And "city officials intimidated Motorola to move.... We bullied a company that has done much for Austin." Let's review: Motorola gets their plant, and comes out of this smelling like a rose. It was probably one of the greatest public relations coups in the history of the company.
Interestingly, the ABJ provided no quotes from Motorola officials to suggest that the company felt bullied or to back up Zacharias' contention that the new location was "a better spot, really. Not from the perspective of the company... but for those charged with holding the city's growth hostage on behalf of the environment."
Oddly enough, certain sources in the know have informed "Media Clips" that the Journal's editors had lunch with some S.O.S. folks the day before publication - and never gave any warning of the carpet-bombing which was coming. Now is that any way to build credibility? (Zacharias told "Media Clips" that, "We never tell people what's coming out beforehand.")
The Austin Business Journal has been praised in these pages before as being ahead of the curve with its reporting on the business community. This issue, however, would suggest that they are not only behind the curve, but completely off the track. "The Business Journal may be missing the mainstream," observes Councilmember Slusher. "You have the Chamber of Commerce and S.O.S. supporting the bond package, and a lot of development interests realizing that over the Edwards Aquifer is not a good place for intense development, and the city responds by making development easy within the desired development zone. So [the ABJ is] out there on the edge."
A new day of cooperation between the business community and the enviros has dawned in Austin. The ABJ should wake up and smell the coffee.
James Garcia, the editor of the Latino politics newsletter Politico, is leaving town. But he isn't going far - he's been tapped by Alternative Media, Inc. (AMI) to be the new editor-in-chief of the San Antonio Current, the Alamo City's alternative weekly. Garcia said AMI President Ron Williams - whose company also owns Detroit's Metro Times and the Orlando Weekly - had contacted Garcia not long after buying the Current on Feb. 16. Garcia said he initially was not interested in the editor position, wanting to focus on Politico, but had offered to do some writing for the Current.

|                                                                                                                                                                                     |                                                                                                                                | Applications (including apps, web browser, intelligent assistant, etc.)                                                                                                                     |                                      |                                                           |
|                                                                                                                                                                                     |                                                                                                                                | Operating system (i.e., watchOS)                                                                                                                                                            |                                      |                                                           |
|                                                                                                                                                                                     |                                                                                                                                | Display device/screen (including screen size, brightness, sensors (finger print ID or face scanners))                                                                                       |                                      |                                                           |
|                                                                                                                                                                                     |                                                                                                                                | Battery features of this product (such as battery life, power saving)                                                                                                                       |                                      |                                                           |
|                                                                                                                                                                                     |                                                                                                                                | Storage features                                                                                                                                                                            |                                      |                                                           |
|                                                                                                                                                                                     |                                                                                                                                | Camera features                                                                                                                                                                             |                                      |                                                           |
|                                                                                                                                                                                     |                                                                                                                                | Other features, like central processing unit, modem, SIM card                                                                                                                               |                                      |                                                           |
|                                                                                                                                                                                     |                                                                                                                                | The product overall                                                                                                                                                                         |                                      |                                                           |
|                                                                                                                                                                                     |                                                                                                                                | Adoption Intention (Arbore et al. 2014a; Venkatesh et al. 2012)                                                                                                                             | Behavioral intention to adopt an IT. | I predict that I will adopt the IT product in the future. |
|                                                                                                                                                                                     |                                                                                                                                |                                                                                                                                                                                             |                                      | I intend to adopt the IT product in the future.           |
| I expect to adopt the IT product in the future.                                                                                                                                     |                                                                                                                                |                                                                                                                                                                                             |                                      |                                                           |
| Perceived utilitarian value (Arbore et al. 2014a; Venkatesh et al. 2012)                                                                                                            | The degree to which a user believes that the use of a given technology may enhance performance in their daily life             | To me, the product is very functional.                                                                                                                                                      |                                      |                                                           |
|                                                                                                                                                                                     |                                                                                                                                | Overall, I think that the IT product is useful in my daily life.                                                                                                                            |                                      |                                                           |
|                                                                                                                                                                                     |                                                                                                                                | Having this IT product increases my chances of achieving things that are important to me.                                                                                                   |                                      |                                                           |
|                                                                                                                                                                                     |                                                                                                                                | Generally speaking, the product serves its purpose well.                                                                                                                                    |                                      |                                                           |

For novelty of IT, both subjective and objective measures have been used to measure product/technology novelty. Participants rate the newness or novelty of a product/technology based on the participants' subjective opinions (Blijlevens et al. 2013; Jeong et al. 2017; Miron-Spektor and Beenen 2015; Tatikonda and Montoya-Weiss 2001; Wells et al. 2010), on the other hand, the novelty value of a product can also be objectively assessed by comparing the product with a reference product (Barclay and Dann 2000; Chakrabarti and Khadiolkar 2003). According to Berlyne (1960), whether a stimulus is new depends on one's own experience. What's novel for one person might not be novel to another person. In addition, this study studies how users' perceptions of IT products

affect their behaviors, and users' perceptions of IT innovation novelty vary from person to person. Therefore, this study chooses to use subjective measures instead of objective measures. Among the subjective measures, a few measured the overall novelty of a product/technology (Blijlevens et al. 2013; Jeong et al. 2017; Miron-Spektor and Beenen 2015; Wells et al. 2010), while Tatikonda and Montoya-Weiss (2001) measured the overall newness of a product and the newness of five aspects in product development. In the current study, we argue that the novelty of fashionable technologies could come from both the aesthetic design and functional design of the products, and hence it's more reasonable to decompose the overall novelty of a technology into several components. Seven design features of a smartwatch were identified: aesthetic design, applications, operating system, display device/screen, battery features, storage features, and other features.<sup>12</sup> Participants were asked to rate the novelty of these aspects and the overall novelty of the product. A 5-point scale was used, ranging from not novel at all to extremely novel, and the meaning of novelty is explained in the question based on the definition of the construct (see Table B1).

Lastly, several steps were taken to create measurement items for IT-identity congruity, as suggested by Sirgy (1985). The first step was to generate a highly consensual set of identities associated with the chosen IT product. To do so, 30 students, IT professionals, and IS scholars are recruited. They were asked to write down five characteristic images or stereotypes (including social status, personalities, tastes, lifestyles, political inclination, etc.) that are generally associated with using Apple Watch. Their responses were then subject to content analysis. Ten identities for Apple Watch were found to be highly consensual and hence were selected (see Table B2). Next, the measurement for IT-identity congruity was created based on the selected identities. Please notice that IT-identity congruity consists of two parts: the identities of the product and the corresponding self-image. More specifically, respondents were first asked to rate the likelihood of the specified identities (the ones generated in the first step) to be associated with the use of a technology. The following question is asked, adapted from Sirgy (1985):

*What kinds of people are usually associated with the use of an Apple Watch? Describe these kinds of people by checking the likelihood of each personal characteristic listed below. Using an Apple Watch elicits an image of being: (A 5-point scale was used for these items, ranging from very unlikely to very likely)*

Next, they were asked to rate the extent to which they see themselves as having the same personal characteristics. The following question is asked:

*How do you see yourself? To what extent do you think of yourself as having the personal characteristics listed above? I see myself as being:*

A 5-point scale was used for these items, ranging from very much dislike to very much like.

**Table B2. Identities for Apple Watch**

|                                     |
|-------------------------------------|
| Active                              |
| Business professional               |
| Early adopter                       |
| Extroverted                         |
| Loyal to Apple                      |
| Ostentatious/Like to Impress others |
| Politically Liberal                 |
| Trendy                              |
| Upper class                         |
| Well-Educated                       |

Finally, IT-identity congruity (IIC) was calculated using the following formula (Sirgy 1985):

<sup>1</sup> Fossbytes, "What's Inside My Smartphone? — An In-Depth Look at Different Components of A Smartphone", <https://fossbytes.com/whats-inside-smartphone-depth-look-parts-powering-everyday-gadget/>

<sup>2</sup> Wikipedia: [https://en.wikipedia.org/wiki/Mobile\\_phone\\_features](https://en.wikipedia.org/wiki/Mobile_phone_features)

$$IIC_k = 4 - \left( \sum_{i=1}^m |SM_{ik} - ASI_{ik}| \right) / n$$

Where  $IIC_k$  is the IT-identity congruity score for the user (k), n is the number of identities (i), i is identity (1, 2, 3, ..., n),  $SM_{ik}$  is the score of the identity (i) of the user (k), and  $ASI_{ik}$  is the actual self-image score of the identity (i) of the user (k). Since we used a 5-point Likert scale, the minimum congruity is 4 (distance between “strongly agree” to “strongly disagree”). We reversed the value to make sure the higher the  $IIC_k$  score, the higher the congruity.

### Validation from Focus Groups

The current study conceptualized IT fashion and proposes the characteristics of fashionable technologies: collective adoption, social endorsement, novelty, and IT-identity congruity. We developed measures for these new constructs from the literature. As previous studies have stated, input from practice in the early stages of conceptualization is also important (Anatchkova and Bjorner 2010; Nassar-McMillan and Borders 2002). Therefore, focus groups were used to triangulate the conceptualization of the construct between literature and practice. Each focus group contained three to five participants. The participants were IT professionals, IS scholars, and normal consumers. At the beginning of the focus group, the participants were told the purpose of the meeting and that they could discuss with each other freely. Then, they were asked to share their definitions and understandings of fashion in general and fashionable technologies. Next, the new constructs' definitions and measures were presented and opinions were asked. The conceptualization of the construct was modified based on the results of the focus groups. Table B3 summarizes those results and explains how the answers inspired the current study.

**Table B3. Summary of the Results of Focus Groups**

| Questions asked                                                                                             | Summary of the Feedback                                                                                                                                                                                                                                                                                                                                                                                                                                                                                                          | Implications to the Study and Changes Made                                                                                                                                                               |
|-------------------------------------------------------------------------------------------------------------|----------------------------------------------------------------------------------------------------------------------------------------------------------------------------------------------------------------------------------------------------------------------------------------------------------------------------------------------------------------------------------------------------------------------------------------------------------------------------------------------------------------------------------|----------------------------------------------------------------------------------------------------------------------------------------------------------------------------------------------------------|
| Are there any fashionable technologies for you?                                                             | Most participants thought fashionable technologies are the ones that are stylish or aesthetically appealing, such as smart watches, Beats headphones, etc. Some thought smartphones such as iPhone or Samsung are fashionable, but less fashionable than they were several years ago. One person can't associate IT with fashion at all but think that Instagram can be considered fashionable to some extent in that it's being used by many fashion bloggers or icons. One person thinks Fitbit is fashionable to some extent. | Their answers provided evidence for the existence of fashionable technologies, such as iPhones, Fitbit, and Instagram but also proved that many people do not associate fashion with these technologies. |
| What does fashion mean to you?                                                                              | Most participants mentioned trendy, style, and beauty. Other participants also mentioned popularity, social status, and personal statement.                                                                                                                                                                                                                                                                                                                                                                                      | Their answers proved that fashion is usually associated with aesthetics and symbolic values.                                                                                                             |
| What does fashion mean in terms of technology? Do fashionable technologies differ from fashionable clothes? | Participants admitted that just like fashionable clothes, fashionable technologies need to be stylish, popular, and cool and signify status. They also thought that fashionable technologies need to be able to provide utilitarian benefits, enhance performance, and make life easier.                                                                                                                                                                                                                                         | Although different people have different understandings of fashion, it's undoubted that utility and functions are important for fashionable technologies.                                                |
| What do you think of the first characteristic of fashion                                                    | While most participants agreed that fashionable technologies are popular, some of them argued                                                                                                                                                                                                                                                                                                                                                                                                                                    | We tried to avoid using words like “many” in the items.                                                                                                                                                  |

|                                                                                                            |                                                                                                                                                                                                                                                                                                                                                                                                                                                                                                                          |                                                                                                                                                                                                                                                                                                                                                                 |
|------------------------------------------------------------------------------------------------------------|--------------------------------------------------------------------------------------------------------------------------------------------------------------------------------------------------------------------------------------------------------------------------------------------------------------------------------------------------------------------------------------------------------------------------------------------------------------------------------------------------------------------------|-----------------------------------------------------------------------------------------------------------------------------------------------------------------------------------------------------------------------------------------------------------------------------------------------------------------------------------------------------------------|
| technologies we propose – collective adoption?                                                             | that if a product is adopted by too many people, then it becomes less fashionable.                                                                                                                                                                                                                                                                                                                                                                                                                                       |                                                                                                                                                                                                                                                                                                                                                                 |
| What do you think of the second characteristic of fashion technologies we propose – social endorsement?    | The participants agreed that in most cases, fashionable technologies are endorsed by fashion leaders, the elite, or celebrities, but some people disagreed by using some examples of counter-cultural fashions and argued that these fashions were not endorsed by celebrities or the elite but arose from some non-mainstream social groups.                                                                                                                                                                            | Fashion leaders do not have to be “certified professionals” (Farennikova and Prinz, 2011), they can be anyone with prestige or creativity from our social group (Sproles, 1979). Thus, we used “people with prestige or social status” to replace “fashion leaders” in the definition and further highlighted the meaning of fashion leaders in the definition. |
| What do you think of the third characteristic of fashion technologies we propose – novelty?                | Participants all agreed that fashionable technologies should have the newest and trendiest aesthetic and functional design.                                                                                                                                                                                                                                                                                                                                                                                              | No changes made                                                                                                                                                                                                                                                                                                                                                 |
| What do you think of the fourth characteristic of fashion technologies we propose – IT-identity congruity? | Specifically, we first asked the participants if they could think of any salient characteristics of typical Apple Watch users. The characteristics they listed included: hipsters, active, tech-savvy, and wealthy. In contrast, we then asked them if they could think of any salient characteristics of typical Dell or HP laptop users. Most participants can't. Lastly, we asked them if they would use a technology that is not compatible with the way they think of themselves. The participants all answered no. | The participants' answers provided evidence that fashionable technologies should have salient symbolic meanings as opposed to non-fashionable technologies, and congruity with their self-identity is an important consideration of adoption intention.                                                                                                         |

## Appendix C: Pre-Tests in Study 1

But after further conversations with Williams, "I found Ron to be extremely sincere about creating diversity in the staff. He made it clear that he wants to replicate what he has done in Detroit [the Metro Times is a rarity among alt-weeklies in that it has an African-American editor, especially important in the heavily African-American city]. San Antonio is a city of about 55% Hispanics, and the Current's readership profile is pretty close to that.
"The Current has tried to be an alternative paper, but it hasn't had the resources to push the copy to that level. Right now it's just sort of an entertainment supplement. When I first saw it, I thought it was something like XL [the weekly supplement to the Austin American-Statesman]," Garcia explained.
Although Garcia is packing his bags, he's not packing in Politico - he plans to continue the weekly newsletter, and AMI has discussed making a "modest" investment in it. "Maybe $10,000, and they may let me run Politico out of their San Antonio offices."